GLEANER: Any organization, including our church, can become a set of silos — departments working hard on good things but not collaborating for the good of a collective mission. How do you intend to approach that for the variety of youth ministries?

LANG: I think one area we can help with, coming from the union office, is to help identify and encourage some “best practices” throughout the Northwest by collaborative conversations with our conference networks. You watch the intentionality at a corporation like Nike, you observe the culture they develop to bring about desired outcomes — and they’re doing all that for shoes! How much more should we be intentional about developing a culture for youth discipleship? What we’re doing has eternal implications. To be our best means conversations beyond just the silo you or I are in. That is what will build partnerships together and allow the Holy Spirit to get us in one accord.

GLEANER: Up to this point, it seems the Growing Young Cohort projects around the NPUC, led by Ben Lundquist, have sort of led the charge in culture change.

LANG: Yes! Ben is such an effective leader. I’ve been involved with the Growing Young effort as a presenter and trainer, and my continuing role will be to support what Ben and other conference directors are doing so effectively in the Growing Young initiative. This is important work as it is helping our churches be more effective at connecting with their young people and the fulfilling future of discipleship — providing a way for young people to use their gifts. This is a process of education, of prayer, of Holy Spirit-driven change. I’m excited when I see adults of all ages in these congregations who want to learn to engage better with our young people and want to believe in them more than question them.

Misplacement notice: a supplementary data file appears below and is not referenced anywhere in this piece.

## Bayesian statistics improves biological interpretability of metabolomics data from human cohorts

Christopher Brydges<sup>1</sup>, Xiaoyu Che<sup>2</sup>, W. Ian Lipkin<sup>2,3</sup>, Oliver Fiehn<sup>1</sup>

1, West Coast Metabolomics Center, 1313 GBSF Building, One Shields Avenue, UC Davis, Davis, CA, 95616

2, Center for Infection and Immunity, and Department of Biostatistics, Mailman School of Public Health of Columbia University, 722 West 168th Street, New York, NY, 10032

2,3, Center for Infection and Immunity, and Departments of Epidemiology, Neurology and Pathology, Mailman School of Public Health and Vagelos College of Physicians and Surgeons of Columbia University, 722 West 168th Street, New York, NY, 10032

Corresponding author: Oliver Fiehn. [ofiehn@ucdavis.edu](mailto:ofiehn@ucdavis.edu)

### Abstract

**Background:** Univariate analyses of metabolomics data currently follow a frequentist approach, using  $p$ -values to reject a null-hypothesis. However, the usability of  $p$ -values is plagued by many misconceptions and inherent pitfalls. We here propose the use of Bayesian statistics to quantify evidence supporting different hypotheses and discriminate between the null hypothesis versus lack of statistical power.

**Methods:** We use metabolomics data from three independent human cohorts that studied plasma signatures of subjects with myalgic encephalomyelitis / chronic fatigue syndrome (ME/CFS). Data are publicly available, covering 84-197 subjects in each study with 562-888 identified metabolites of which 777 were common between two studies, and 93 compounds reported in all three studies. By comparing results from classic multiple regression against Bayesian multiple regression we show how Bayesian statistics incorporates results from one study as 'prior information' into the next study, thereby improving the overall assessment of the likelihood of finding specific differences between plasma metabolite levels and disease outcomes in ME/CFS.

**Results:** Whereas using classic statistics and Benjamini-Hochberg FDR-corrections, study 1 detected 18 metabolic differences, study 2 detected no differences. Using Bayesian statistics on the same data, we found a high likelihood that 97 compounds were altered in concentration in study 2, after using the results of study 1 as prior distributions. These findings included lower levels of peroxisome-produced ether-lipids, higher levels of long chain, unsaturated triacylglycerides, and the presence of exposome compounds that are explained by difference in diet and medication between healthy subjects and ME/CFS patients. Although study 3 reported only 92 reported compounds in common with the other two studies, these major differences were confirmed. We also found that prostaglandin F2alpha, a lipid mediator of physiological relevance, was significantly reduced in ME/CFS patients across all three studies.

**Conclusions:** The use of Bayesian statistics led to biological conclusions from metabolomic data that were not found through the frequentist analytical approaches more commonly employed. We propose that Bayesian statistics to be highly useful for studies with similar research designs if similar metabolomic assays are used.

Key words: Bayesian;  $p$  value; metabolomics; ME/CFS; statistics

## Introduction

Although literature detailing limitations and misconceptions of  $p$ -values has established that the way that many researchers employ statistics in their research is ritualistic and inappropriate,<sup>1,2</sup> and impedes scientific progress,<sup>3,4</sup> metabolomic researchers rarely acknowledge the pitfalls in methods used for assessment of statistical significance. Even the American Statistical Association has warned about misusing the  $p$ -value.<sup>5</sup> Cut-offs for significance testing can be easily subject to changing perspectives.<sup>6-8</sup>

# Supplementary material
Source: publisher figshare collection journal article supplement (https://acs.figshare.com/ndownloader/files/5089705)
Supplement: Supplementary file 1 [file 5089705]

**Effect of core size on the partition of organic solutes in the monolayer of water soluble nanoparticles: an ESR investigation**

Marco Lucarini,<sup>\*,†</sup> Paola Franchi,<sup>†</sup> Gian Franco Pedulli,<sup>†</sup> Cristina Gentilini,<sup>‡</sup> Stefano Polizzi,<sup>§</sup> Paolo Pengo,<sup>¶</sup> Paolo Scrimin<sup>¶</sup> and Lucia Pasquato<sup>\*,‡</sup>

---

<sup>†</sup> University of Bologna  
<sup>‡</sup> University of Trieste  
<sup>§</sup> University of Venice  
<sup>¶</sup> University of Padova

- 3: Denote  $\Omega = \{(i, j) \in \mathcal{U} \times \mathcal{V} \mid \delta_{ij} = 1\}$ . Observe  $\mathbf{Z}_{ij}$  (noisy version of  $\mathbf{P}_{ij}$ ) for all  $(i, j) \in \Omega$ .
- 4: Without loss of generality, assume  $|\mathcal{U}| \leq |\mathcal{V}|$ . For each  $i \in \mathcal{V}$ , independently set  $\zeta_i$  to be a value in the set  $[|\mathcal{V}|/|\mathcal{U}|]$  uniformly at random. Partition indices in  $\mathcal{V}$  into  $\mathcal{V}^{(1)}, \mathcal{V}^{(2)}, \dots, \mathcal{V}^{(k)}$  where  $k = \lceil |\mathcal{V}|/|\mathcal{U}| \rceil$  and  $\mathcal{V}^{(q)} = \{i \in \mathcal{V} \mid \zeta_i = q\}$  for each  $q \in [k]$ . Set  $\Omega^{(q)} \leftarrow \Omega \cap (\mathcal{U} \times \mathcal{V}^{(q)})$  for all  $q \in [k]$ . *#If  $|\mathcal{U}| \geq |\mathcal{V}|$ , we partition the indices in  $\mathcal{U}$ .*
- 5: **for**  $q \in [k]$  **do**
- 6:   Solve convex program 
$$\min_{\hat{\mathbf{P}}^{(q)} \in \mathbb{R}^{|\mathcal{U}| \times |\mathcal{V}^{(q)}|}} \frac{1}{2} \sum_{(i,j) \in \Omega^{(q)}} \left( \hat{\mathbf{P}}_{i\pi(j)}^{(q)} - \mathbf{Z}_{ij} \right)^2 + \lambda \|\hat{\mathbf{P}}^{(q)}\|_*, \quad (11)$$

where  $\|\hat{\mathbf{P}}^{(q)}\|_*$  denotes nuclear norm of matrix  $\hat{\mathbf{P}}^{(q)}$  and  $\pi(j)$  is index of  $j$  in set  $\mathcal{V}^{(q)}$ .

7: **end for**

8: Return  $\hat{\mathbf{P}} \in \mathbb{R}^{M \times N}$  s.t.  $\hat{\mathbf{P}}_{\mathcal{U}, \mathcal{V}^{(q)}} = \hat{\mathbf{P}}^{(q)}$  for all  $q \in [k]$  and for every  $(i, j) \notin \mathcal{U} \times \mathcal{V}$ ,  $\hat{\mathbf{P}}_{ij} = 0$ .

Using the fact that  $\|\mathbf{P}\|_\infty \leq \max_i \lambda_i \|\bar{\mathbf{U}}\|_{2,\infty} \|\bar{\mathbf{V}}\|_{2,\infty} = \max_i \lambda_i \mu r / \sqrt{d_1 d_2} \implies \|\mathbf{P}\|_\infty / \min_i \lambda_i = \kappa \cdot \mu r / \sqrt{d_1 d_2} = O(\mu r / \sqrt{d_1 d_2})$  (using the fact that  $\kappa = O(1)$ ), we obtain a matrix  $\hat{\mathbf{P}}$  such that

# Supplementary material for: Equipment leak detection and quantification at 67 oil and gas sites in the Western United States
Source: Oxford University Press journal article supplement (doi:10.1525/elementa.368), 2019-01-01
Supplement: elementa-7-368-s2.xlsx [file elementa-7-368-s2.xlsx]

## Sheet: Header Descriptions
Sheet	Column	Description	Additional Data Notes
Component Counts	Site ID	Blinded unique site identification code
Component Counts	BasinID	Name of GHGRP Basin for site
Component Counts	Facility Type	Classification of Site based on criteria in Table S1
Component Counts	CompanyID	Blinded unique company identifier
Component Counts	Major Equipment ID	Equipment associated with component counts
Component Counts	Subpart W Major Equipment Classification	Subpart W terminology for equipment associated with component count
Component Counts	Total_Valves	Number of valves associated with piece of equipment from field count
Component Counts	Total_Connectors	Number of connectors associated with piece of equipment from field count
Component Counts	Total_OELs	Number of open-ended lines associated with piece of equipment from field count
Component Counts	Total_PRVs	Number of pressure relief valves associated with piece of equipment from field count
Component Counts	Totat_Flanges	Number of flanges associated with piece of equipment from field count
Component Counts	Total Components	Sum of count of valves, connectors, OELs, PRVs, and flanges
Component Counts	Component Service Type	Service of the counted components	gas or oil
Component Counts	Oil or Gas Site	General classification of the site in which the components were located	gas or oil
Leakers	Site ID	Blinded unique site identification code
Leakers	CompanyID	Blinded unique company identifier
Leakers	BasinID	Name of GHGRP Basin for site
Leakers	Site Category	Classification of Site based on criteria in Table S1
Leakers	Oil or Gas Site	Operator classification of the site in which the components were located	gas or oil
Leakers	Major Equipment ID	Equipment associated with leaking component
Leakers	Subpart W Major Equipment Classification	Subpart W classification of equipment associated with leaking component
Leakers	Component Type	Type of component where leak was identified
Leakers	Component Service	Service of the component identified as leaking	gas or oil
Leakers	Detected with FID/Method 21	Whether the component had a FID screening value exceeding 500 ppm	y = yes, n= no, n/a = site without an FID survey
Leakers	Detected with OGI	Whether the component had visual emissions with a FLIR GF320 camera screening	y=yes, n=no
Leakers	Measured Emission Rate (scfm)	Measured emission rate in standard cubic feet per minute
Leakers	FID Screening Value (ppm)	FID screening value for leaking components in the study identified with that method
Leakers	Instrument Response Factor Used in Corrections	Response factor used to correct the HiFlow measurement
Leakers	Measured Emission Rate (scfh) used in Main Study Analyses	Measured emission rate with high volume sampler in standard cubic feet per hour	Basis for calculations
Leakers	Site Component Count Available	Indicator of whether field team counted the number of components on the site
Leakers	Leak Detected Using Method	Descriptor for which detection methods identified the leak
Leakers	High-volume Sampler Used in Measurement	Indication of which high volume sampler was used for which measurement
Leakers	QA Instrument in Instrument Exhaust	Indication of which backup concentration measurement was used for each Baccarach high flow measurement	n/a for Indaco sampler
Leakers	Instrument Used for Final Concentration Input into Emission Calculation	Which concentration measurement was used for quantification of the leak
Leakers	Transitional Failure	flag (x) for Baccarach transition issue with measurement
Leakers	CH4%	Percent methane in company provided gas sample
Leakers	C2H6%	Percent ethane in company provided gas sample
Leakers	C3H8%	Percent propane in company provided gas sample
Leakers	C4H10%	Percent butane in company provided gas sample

GLEANER: Any myths out there about how youth and young adult relate to church?

LANG: One myth is that young people are not that interested in the Bible. But they are. Truth is so compelling that, when they have a chance to immerse themselves in it, they want more. And the belief that you have to entertain youth to attract them to the church is a myth that has to go away. You don’t have to have a certain type of music or technology or budget. God is so much bigger than our toys. And, one of the worst things we can do is set up youth ministry as its own separate silo within our church, without integrating it as part of a multigenerational effort. Let’s do away with these misconceptions. The essentials are Bible study, prayer and spiritual growth. If they’re not central to our youth ministry, there’s nothing else of real value. Even the essentials can be rather sterile, unless they are carried out within an affirmative sense of community — a body of believers who authentically believe in God and also believe in their young people.

GLEANER: What sort of things in a local church are toxic to the spiritual development of young people?